With globalization and the strides made with computers, the Industrial Relations field has become very complex. But when you cut all that away, you still have the basic players: industry, labor and the government of whatever country is home to that company. And the goals, though more complex as well, are the same as they were at the dawn of the Industrial Revolution: the maintenance of good relations between labor and management.
With few exceptions, employers can both hire and fire workers. They can also adapt to the latest technologies without the workers' approval, even though it may result in a diminished workforce. It can also consolidate its operation into another entity, relocate and merge with others without labor's approval.
The labor-force should always look for improvements in their working conditions and the terms of their employment. Where possible, they are empowered to share decisions with management as well as make their grievances known. They also can form unions to represent them. Those unions have the tacit approval of workers that evens the playing field in their negotiations.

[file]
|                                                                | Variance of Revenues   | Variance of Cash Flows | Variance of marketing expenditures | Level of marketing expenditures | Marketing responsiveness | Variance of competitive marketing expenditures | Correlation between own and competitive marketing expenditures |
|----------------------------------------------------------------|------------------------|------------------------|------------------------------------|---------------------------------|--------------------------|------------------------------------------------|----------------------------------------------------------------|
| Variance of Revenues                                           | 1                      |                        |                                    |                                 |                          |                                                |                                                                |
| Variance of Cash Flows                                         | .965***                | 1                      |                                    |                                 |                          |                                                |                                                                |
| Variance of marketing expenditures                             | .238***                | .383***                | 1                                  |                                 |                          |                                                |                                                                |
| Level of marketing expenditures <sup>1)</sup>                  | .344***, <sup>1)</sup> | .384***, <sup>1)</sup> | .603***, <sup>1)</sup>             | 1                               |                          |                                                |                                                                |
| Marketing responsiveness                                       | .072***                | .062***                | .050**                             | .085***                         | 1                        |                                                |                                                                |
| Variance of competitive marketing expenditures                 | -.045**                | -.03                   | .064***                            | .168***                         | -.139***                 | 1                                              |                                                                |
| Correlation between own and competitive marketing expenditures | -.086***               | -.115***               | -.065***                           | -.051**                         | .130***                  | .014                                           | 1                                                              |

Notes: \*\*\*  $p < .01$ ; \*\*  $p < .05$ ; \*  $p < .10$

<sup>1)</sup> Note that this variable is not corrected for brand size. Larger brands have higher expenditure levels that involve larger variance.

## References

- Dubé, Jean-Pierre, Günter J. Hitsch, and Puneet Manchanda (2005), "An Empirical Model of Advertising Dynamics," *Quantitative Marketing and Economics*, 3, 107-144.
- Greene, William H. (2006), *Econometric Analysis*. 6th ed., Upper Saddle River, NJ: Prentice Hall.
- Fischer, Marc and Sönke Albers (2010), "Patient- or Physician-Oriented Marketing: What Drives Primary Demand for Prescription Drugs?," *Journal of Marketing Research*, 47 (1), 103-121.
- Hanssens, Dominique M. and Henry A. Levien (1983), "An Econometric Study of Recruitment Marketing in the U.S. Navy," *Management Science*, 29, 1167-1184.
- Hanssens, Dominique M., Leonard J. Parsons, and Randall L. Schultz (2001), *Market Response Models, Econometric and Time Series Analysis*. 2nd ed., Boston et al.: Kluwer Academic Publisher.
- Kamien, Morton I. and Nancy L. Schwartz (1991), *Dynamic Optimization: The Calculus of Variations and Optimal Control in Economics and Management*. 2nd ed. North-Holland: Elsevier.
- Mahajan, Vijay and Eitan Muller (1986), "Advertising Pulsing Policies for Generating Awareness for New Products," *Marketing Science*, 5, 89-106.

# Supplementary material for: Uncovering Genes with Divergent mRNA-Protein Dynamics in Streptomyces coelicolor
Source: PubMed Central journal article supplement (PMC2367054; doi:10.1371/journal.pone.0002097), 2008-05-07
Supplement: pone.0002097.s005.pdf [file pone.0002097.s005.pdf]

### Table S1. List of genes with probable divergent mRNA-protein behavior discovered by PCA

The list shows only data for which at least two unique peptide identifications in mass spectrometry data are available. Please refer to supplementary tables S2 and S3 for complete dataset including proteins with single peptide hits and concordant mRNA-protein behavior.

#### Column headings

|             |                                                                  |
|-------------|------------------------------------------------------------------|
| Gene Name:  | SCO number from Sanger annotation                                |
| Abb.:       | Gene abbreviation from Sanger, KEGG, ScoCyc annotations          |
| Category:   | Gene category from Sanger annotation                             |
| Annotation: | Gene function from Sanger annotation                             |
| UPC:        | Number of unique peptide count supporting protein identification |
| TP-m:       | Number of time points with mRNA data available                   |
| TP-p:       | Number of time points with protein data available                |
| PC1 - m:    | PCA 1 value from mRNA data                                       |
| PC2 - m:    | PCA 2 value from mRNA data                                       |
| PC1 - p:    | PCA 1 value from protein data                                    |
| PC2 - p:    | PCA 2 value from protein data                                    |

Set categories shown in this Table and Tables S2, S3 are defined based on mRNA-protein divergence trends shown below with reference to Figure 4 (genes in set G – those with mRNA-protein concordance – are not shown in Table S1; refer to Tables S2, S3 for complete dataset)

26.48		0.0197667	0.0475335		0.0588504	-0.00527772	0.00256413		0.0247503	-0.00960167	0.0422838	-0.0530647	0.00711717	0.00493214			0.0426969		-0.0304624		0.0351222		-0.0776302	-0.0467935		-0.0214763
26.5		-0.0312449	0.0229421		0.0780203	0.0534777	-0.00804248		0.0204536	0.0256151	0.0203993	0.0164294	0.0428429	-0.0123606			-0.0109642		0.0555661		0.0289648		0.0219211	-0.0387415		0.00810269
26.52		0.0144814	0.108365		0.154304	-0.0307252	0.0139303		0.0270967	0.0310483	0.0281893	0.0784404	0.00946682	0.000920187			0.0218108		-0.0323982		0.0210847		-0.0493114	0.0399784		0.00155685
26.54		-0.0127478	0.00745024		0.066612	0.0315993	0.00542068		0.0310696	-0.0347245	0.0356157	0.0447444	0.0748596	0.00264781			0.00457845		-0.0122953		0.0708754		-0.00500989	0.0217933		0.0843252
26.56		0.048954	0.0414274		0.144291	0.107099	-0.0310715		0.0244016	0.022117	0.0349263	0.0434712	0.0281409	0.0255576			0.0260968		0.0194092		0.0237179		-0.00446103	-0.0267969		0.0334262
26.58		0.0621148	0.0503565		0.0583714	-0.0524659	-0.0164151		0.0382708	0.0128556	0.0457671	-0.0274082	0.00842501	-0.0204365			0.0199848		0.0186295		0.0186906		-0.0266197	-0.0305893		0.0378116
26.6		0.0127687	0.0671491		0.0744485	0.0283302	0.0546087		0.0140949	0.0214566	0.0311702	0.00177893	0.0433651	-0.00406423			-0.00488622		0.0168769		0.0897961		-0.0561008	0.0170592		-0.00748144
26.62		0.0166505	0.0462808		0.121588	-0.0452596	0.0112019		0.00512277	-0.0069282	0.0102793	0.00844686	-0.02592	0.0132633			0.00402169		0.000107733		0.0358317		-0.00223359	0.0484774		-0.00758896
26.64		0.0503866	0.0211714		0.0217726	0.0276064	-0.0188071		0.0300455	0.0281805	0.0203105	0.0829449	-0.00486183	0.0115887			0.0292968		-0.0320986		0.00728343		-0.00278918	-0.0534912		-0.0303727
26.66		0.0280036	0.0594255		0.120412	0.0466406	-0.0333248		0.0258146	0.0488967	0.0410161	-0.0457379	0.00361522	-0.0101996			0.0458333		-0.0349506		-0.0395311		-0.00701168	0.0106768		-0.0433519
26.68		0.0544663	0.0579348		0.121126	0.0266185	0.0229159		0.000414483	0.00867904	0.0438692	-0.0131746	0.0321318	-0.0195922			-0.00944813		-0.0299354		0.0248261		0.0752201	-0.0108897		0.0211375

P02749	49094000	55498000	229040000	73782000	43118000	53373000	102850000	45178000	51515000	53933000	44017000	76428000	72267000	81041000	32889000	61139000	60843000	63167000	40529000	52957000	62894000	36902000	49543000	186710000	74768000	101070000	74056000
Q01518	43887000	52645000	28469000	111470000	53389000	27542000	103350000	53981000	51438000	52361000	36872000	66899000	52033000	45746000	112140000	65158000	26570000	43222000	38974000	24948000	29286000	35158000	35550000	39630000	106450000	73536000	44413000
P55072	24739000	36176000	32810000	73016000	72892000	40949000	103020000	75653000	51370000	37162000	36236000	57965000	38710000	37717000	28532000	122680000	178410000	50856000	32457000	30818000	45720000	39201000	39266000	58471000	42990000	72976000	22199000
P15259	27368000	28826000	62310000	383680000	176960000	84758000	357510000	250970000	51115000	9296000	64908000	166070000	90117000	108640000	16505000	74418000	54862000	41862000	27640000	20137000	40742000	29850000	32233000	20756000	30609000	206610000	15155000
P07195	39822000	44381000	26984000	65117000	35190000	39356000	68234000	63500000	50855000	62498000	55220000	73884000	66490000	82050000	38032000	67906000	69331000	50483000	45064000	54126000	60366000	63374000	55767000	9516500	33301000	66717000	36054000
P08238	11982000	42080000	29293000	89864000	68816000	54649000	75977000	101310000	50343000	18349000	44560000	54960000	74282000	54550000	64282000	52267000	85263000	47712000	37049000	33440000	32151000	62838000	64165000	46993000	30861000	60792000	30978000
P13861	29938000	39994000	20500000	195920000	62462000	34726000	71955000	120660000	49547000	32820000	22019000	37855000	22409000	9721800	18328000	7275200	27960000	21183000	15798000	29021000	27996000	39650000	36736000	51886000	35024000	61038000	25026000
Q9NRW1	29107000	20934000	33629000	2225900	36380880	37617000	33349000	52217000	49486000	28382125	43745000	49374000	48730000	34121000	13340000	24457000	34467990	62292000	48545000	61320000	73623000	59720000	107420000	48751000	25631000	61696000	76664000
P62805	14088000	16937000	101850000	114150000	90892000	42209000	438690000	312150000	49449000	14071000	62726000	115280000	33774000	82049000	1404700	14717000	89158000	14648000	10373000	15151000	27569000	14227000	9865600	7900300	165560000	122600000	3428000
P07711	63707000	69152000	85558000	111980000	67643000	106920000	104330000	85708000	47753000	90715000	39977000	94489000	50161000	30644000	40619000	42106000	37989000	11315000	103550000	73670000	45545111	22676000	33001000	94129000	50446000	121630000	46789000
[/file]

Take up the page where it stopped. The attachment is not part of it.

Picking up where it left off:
Each state and federal government has labor laws that affect both management and workers within its jurisdiction. Each of them regulates the relationship between labor and management and promulgates laws in support of unity between the two parties. In the United States, there is the National Labor Relations Board (NLRB) that mediates disputes between labor and management.
Inherent Adversarial Positions
There will always be conflicting points of view between management and its workers. First, management is motivated by profit and workers by social gain. Furthermore, the agendas of workers and unions often are at odds, creating further difficulty for management as it works toward a satisfactory relationship.
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